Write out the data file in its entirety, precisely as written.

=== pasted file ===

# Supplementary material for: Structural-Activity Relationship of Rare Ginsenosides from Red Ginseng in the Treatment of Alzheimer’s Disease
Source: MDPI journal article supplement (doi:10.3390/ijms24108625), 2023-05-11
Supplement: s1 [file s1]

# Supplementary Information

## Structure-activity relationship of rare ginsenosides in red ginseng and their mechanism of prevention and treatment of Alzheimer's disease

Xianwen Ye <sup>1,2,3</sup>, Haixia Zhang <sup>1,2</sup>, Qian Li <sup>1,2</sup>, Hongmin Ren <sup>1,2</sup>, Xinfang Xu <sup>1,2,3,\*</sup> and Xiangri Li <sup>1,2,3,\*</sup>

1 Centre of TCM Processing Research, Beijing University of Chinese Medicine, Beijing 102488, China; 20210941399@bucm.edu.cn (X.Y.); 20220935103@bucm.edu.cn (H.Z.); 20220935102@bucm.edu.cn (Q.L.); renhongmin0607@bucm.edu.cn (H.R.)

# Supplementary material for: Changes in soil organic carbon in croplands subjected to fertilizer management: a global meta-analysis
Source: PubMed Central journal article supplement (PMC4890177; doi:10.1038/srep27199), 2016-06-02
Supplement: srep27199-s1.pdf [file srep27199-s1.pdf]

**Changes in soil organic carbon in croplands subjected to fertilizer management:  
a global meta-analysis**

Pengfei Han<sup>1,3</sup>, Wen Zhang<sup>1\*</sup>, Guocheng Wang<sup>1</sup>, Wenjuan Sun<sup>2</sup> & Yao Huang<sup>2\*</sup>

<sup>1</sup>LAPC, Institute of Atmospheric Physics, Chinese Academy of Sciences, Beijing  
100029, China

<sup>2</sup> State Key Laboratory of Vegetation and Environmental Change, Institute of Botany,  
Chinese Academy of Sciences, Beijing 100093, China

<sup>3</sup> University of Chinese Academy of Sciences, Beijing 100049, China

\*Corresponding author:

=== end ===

# Supplementary material for: Structural-Activity Relationship of Rare Ginsenosides from Red Ginseng in the Treatment of Alzheimer’s Disease
Source: MDPI journal article supplement (doi:10.3390/ijms24108625), 2023-05-11
Supplement: s1 [file s1]

# Supplementary Information

## Structure-activity relationship of rare ginsenosides in red ginseng and their mechanism of prevention and treatment of Alzheimer's disease

Xianwen Ye <sup>1,2,3</sup>, Haixia Zhang <sup>1,2</sup>, Qian Li <sup>1,2</sup>, Hongmin Ren <sup>1,2</sup>, Xinfang Xu <sup>1,2,3,\*</sup> and Xiangri Li <sup>1,2,3,\*</sup>

1 Centre of TCM Processing Research, Beijing University of Chinese Medicine, Beijing 102488, China; 20210941399@bucm.edu.cn (X.Y.); 20220935103@bucm.edu.cn (H.Z.); 20220935102@bucm.edu.cn (Q.L.); renhongmin0607@bucm.edu.cn (H.R.)

# Supplementary material for: Changes in soil organic carbon in croplands subjected to fertilizer management: a global meta-analysis
Source: PubMed Central journal article supplement (PMC4890177; doi:10.1038/srep27199), 2016-06-02
Supplement: srep27199-s1.pdf [file srep27199-s1.pdf]

**Changes in soil organic carbon in croplands subjected to fertilizer management:  
a global meta-analysis**

Pengfei Han<sup>1,3</sup>, Wen Zhang<sup>1\*</sup>, Guocheng Wang<sup>1</sup>, Wenjuan Sun<sup>2</sup> & Yao Huang<sup>2\*</sup>

<sup>1</sup>LAPC, Institute of Atmospheric Physics, Chinese Academy of Sciences, Beijing  
100029, China

<sup>2</sup> State Key Laboratory of Vegetation and Environmental Change, Institute of Botany,  
Chinese Academy of Sciences, Beijing 100093, China

<sup>3</sup> University of Chinese Academy of Sciences, Beijing 100049, China

\*Corresponding author: